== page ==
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When more becomes less

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The football season is well and truly on, and the plate is overflowing, with main courses and several varieties of side dishes to partake of.

Throughout the length and breadth of St Vincent and the Grenadines, football competitions are ongoing.{{more}} It is widely agreed that such competitions serve more than the intent and purpose, and are social release valves, as well as economic opportunities for the various communities, as persons use the opportunity to ply trade in beverages and other goodies.

Let us, however, look at what is key. Can we say that what is served up at the various leagues is palatable and fit for consumption? Are we seeing the sort of development, tactically and technically, of players, coaches and management? Unfortunately, any sincere individual will respond in the negative. Therefore, what we are having is a lot of football, but less, by the way of advancement in the standard of play.

And, the upcoming national club championships and the inter-secondary schools’ competitions should bear testimony to the state of affairs.

This is not to say that there will not be some brilliant plays and moments to shout about, but the structures are not in place for sustained growth in our footballing standards.

The present set-up is the root cause of such an unchartered course, as things are being left to chance.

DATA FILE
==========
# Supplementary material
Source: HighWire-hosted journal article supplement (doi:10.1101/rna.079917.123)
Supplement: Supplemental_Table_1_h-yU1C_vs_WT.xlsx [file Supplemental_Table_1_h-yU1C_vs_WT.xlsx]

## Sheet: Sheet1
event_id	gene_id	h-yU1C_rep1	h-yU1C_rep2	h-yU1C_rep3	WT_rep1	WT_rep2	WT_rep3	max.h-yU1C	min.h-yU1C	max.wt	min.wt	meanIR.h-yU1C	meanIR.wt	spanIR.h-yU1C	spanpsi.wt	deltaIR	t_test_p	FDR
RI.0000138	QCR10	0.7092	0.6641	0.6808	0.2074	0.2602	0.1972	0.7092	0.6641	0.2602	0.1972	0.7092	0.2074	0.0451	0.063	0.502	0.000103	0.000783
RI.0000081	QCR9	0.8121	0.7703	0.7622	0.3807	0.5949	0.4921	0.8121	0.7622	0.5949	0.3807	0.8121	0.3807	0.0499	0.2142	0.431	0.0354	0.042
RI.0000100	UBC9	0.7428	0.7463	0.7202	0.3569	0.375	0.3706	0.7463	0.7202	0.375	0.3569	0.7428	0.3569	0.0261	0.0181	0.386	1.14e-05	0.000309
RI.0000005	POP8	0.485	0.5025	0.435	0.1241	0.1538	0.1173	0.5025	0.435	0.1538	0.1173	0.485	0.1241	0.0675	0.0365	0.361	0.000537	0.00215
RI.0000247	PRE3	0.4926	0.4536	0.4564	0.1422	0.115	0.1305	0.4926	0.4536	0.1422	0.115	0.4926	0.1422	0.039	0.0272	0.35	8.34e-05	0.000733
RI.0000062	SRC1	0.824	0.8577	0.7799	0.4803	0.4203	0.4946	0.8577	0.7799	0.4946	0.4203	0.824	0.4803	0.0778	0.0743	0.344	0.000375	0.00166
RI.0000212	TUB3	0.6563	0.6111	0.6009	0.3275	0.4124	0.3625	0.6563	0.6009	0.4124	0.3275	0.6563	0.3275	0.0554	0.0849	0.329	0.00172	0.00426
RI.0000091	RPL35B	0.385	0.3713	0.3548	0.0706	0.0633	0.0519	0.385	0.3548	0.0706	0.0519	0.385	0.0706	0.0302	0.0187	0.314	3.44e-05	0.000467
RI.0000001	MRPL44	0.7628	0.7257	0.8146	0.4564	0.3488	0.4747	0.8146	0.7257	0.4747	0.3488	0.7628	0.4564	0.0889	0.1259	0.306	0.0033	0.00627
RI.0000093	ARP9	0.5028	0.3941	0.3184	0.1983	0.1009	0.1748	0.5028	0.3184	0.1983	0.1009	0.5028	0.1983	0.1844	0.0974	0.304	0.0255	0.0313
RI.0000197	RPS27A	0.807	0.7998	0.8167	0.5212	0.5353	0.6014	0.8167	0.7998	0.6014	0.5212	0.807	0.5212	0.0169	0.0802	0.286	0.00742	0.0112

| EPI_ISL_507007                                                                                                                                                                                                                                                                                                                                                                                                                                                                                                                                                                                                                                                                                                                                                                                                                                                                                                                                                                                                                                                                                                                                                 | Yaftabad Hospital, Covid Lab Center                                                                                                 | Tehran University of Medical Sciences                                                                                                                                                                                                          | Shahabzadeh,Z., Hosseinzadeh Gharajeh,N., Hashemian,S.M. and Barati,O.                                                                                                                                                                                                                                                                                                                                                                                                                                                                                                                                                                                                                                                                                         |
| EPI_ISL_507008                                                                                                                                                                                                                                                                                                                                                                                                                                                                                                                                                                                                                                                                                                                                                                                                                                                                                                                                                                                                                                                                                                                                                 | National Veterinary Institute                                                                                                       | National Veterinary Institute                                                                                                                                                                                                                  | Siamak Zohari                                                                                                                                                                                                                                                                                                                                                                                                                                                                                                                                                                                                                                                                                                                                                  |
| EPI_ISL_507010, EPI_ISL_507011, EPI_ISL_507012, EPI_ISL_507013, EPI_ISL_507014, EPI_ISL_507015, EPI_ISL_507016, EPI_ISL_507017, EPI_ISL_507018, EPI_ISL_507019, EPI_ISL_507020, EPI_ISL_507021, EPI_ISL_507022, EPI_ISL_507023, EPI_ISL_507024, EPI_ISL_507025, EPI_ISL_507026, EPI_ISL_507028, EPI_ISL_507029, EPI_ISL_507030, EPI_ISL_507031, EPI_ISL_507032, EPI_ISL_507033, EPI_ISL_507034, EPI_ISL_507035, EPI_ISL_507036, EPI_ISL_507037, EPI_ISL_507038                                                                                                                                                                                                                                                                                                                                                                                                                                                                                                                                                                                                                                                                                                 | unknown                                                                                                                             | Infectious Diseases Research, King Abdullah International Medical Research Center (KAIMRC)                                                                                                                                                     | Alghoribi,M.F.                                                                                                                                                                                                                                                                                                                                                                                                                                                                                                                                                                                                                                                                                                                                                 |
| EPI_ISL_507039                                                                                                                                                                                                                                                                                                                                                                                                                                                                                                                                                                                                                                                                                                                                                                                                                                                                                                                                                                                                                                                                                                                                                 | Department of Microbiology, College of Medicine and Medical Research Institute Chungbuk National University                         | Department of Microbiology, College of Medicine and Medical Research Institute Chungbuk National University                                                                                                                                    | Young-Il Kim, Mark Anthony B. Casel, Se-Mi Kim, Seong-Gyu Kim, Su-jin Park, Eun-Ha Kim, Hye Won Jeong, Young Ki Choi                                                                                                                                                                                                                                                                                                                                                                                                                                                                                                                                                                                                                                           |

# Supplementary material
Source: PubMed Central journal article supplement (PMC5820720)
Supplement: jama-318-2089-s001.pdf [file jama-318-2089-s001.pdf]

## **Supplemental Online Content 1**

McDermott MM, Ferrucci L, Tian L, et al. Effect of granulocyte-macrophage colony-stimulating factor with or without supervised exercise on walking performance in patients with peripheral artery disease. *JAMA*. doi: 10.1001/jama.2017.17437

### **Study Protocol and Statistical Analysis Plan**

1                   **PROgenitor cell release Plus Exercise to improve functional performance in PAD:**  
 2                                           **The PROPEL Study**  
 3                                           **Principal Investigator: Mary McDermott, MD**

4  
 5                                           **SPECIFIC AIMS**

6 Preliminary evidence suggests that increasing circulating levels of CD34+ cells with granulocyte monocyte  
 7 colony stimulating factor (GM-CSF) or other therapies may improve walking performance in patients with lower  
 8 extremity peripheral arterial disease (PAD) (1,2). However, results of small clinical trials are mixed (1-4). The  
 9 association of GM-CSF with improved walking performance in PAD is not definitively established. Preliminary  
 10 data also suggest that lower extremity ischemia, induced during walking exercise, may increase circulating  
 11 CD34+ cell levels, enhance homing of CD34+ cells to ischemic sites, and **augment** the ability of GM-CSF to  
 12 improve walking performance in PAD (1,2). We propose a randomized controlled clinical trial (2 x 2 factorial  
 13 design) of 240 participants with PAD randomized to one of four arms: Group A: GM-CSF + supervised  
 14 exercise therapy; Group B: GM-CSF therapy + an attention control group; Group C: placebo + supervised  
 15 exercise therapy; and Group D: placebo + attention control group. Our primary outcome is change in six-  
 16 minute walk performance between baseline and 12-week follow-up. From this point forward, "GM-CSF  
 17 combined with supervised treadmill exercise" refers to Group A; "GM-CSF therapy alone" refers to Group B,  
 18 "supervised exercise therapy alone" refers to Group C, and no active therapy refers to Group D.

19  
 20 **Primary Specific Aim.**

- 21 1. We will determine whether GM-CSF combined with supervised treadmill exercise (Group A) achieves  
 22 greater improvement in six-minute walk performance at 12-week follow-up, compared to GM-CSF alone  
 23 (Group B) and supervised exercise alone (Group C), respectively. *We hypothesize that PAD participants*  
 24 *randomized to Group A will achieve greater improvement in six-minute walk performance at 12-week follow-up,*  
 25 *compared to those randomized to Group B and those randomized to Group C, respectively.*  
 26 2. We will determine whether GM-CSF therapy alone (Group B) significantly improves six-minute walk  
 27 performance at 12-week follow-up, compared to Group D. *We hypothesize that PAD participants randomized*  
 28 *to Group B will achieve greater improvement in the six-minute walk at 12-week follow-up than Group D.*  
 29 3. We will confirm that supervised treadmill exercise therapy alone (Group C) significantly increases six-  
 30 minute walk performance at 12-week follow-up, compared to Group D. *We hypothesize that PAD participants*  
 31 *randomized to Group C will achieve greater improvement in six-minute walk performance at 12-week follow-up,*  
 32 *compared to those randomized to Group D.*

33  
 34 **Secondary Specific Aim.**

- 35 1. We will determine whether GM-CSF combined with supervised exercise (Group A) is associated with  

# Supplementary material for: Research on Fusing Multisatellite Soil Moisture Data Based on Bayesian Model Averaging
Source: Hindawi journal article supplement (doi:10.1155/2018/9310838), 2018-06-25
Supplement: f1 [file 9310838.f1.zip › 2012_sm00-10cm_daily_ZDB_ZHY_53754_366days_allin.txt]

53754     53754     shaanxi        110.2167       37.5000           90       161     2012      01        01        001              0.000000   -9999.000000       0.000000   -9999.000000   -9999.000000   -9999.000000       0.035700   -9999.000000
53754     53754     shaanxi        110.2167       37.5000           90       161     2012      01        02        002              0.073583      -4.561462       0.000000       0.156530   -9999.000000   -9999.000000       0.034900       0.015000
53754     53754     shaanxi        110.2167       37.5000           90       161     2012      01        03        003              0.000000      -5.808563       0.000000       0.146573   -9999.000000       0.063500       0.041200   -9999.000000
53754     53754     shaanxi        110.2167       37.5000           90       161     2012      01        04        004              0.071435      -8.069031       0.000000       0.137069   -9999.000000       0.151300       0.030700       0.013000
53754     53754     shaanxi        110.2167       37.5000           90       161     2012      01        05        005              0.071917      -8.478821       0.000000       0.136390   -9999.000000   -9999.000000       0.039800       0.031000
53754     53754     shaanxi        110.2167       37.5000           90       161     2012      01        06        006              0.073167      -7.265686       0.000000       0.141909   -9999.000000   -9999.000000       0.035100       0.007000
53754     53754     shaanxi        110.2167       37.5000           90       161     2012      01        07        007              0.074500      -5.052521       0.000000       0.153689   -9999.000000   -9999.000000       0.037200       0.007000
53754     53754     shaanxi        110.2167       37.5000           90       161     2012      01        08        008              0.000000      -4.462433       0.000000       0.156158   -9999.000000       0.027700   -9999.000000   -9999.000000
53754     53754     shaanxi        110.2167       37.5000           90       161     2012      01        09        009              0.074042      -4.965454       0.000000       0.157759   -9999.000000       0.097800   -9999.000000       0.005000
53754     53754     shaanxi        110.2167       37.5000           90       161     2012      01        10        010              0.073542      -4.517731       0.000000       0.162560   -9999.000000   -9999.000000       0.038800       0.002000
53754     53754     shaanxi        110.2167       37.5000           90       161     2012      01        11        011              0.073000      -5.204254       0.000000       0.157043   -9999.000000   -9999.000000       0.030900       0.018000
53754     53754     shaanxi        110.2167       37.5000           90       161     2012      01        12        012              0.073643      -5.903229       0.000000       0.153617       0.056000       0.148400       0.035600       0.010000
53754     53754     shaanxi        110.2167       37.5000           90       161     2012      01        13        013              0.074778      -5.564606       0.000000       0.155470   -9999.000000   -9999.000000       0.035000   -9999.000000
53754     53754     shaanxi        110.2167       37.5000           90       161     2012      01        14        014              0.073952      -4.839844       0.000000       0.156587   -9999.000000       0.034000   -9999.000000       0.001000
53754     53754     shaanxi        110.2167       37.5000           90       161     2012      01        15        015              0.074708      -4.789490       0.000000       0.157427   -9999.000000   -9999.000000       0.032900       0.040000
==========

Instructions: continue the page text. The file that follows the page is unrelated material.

It has been the pledge of the current executive to have football aplenty played here in St Vincent and the Grenadines, and to bring the game to the people, and this has been achieved with some measure of success.

However, the overarching drawback is that this has been achieved to the detriment of the sport.

We have gone back to square one, as it is a free fall, with players being allowed to participate in almost every league that is in progress.

It burns the ears daily to hear the same players (many of them national players) scoring in this league and that league, for different football outfits, at least three times per week.

Surely, this operation some years ago, necessitated the one player-one team/club ruling; but things have gone awry, as it is “do wey yo like”.

Whilst the buck stops with the executive members of the St Vincent and the Grenadines Football Federation, the organisers of the various leagues are the ones who should implement the rule and police it to the fullest.

But many more are concerned with protecting their space, their turf, to maintain the status and popularity of their leagues, forgetting the bigger picture.

It is not only the players who get little time to recover and hone their skills to their optimum, but the few match officials are called upon to be in the middle day in day out.

Such happenings cannot augur well for the overall development of the sport, as very little time for self-evaluation is afforded.

The onus, though, is on the Venold Coombs led executive to be more forceful and take firmer control of the rudderless situation, as things are simply careening to an undetermined destination.

This rescue act must take place soonest, as we can find ourselves in a serious predicament with the parent body.

The executive of the SVGFF, through CONCACAF and FIFA, have invested in delivering several technical development courses for the past two years, all aimed at taking our football to the next level. Although this goal is still attainable, several measures have to be instituted.

Among them is taking a firm grip on the administration of football, all levels; hence, the current executive of the SVGFF has to establish itself as the authoritative body for the sport.

This will also mean taking on a professional outlook, towards all facets of its operations; the setting of targets and devising pathways towards their achievement.

But, as a prerequisite for such an attainment, there has to come from within, first of all, the executive members, that willingness carry the sport forward, irrespective of their varied viewpoints.

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